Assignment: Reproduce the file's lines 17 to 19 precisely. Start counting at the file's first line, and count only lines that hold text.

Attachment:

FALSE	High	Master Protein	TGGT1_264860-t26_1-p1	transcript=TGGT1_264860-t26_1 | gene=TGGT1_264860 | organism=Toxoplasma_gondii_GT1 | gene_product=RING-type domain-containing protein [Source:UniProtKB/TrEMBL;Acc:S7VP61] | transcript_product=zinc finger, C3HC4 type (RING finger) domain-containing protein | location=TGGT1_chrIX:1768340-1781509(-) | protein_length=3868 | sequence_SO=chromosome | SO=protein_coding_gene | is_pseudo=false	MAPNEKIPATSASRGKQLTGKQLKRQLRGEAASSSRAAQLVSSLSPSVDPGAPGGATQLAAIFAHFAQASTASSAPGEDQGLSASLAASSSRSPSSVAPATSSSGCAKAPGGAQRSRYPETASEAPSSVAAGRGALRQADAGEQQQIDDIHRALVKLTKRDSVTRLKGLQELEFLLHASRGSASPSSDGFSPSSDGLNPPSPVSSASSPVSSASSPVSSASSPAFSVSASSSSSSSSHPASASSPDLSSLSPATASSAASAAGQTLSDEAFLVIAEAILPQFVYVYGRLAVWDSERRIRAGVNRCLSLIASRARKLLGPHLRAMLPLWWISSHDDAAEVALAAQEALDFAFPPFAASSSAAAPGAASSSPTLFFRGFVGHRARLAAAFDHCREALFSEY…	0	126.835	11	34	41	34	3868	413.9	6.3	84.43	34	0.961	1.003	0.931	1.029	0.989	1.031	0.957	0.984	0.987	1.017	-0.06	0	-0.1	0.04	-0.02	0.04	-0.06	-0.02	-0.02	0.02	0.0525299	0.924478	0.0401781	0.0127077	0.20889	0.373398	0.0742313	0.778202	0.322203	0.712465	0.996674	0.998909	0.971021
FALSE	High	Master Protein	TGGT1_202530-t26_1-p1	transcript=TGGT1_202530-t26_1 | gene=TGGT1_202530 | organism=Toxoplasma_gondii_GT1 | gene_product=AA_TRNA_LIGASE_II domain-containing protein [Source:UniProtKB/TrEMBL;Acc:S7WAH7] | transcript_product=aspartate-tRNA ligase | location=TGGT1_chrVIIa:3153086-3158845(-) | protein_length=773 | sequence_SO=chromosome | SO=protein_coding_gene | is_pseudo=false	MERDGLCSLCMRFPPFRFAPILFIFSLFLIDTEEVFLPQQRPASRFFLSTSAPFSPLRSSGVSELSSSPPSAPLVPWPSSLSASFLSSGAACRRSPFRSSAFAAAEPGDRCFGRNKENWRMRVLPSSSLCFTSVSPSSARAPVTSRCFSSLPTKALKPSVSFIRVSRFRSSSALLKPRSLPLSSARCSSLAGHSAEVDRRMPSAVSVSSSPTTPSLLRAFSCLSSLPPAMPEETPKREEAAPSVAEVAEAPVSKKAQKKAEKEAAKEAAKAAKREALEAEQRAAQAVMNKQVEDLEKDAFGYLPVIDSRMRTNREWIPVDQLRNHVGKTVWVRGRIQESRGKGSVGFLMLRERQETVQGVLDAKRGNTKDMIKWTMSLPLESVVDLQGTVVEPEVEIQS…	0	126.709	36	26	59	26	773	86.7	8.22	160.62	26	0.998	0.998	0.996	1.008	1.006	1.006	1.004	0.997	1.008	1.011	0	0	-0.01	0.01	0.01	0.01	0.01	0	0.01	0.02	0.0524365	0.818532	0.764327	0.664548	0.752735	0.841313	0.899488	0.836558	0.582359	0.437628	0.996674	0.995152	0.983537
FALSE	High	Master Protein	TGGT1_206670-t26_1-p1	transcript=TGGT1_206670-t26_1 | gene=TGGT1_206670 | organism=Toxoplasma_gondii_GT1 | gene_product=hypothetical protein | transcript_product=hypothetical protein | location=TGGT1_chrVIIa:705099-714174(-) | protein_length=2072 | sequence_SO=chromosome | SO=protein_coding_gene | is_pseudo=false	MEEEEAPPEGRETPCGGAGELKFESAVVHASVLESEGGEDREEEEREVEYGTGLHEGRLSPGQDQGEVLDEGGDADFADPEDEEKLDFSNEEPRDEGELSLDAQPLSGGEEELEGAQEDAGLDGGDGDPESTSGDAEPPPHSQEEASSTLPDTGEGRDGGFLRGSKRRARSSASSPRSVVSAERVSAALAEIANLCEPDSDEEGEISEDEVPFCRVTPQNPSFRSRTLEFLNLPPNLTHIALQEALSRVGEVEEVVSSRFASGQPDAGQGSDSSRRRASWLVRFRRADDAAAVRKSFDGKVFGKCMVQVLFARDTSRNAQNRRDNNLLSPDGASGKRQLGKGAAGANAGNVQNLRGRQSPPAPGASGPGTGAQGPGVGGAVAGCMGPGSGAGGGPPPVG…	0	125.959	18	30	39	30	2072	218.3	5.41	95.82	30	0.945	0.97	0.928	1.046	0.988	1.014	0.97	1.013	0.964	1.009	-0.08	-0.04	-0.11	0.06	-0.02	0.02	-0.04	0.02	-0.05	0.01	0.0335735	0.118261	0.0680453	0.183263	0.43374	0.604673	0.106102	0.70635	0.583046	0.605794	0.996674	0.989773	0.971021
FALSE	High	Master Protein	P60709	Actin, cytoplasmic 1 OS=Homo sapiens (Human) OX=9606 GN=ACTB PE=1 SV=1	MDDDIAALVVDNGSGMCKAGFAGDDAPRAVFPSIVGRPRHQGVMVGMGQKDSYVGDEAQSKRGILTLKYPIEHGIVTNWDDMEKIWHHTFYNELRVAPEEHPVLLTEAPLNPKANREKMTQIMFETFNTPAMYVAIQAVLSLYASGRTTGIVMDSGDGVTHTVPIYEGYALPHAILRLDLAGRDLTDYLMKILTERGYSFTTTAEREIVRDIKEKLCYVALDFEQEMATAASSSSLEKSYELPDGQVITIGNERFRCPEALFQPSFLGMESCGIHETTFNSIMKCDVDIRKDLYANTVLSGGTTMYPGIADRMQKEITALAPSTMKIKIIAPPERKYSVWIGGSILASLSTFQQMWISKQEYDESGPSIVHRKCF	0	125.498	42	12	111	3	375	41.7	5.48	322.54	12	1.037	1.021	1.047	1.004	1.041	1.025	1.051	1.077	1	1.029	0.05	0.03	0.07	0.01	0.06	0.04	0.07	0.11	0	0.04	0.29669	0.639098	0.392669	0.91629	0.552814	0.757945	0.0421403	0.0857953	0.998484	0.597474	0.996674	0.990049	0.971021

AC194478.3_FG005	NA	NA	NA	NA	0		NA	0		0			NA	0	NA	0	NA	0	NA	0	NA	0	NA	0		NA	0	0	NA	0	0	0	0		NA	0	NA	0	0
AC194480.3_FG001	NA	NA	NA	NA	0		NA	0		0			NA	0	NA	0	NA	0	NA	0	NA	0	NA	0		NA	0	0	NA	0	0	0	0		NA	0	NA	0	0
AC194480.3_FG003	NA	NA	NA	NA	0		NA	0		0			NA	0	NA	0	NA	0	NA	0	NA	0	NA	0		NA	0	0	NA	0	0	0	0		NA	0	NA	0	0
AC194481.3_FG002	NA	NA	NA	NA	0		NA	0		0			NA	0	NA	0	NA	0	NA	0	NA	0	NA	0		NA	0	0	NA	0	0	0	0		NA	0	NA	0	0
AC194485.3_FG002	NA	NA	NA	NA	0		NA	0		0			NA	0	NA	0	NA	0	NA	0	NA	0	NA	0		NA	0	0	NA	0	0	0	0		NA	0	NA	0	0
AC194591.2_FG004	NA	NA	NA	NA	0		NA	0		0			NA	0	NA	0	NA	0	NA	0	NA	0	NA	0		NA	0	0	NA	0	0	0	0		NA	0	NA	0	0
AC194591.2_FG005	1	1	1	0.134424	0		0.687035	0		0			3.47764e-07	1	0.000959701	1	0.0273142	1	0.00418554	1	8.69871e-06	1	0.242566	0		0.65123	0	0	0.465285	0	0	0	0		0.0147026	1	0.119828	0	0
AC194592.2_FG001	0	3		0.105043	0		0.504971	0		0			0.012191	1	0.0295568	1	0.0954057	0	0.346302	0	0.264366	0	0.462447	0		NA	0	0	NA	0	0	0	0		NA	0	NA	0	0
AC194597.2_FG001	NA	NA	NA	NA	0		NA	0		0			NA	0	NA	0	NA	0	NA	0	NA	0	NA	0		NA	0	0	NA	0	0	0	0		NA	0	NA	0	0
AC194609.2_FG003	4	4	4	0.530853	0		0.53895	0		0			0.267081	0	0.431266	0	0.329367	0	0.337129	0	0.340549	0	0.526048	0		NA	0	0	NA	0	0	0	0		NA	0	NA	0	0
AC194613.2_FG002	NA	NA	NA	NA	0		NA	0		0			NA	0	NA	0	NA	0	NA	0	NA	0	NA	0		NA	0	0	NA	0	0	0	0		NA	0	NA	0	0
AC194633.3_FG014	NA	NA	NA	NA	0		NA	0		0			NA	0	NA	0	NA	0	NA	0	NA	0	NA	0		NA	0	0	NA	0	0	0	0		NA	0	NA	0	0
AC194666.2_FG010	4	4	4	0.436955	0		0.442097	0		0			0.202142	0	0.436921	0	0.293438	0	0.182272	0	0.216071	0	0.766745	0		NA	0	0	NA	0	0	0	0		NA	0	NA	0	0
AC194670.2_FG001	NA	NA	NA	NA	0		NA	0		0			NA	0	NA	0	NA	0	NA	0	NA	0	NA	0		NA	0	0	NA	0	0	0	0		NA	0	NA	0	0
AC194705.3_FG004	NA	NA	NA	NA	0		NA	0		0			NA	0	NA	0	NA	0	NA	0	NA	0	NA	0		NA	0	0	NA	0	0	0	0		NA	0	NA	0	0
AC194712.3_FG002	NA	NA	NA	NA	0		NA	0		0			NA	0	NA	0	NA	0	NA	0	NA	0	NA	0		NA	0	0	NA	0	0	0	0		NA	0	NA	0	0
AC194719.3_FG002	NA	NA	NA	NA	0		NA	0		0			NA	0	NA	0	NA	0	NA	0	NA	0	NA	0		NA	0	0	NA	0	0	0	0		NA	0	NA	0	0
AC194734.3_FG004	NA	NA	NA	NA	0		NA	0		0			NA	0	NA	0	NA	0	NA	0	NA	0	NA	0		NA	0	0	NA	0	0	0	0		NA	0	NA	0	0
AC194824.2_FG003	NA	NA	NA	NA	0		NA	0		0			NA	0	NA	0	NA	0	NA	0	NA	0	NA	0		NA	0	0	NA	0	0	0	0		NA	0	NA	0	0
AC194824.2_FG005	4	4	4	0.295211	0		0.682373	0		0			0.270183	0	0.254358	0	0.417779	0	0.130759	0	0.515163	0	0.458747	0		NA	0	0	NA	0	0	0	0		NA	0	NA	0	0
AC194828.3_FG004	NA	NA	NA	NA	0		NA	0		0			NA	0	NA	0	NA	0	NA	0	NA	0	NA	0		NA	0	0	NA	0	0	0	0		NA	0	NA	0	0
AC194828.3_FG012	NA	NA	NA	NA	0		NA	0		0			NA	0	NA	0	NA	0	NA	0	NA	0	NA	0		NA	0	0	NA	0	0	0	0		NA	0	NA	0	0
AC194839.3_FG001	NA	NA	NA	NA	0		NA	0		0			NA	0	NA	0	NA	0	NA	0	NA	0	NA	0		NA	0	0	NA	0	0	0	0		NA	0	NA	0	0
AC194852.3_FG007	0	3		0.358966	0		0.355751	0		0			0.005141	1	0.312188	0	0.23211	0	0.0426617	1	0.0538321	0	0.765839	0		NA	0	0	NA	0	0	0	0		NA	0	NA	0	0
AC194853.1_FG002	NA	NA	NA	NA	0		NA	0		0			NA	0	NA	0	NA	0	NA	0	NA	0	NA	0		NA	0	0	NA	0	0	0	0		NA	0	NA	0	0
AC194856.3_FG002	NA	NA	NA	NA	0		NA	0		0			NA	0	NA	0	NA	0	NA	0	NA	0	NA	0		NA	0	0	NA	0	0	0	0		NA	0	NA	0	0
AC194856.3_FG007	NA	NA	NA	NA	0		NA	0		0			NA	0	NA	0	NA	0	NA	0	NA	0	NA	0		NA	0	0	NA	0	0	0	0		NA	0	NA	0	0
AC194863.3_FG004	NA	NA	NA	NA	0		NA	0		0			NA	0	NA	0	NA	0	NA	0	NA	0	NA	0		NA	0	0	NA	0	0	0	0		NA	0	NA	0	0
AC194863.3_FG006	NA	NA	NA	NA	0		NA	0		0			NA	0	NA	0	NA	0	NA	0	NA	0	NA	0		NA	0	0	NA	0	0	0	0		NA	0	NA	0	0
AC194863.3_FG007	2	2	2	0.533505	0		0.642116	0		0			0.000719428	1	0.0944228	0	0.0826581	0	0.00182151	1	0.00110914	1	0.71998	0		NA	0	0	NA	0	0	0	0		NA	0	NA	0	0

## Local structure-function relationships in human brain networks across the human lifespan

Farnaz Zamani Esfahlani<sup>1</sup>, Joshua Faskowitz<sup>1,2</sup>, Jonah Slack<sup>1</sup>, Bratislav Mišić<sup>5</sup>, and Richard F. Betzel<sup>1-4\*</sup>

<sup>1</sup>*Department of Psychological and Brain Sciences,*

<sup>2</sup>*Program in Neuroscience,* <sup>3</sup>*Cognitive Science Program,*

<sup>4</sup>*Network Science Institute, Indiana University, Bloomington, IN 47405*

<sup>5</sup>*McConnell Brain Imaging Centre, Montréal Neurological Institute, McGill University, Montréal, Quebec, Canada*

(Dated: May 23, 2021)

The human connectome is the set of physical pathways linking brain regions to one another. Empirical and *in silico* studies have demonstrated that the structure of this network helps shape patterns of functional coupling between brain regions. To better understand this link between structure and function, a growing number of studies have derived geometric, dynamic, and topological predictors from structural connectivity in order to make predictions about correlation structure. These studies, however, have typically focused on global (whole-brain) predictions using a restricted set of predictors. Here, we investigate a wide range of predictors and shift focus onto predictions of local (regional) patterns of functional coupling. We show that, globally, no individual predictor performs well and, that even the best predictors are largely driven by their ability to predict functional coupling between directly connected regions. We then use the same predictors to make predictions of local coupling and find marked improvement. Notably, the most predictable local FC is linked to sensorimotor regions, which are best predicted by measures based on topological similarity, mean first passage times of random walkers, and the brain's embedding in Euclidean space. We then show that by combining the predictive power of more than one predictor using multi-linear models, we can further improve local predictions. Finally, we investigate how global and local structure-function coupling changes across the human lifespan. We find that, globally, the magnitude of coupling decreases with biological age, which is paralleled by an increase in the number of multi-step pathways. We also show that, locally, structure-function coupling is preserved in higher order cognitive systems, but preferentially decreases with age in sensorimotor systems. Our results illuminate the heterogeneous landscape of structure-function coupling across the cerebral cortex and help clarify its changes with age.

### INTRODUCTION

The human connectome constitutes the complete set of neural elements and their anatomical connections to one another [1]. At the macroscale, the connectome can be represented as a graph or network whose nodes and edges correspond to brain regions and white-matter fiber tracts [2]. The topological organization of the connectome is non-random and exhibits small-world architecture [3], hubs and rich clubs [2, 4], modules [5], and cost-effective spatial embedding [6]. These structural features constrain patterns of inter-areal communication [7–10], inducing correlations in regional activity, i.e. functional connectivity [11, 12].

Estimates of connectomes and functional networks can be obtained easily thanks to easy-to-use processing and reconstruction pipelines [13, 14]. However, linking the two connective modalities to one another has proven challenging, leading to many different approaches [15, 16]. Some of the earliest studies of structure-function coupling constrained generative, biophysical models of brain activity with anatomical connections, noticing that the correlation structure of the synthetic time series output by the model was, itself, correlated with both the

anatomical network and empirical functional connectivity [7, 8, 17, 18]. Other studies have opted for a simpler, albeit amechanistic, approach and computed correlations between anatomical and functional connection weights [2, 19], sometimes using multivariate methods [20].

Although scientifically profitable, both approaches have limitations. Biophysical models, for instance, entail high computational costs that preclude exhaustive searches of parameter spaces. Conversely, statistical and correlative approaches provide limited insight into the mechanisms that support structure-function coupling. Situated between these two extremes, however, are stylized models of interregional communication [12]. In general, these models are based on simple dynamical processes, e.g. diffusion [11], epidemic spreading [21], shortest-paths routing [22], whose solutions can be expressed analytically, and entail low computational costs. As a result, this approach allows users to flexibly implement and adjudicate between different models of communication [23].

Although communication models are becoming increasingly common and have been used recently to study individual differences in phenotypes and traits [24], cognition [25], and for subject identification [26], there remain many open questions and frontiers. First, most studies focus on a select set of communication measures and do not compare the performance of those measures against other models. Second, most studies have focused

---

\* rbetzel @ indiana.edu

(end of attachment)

AC194666.2_FG010	4	4	4	0.436955	0		0.442097	0		0			0.202142	0	0.436921	0	0.293438	0	0.182272	0	0.216071	0	0.766745	0		NA	0	0	NA	0	0	0	0		NA	0	NA	0	0
AC194670.2_FG001	NA	NA	NA	NA	0		NA	0		0			NA	0	NA	0	NA	0	NA	0	NA	0	NA	0		NA	0	0	NA	0	0	0	0		NA	0	NA	0	0
AC194705.3_FG004	NA	NA	NA	NA	0		NA	0		0			NA	0	NA	0	NA	0	NA	0	NA	0	NA	0		NA	0	0	NA	0	0	0	0		NA	0	NA	0	0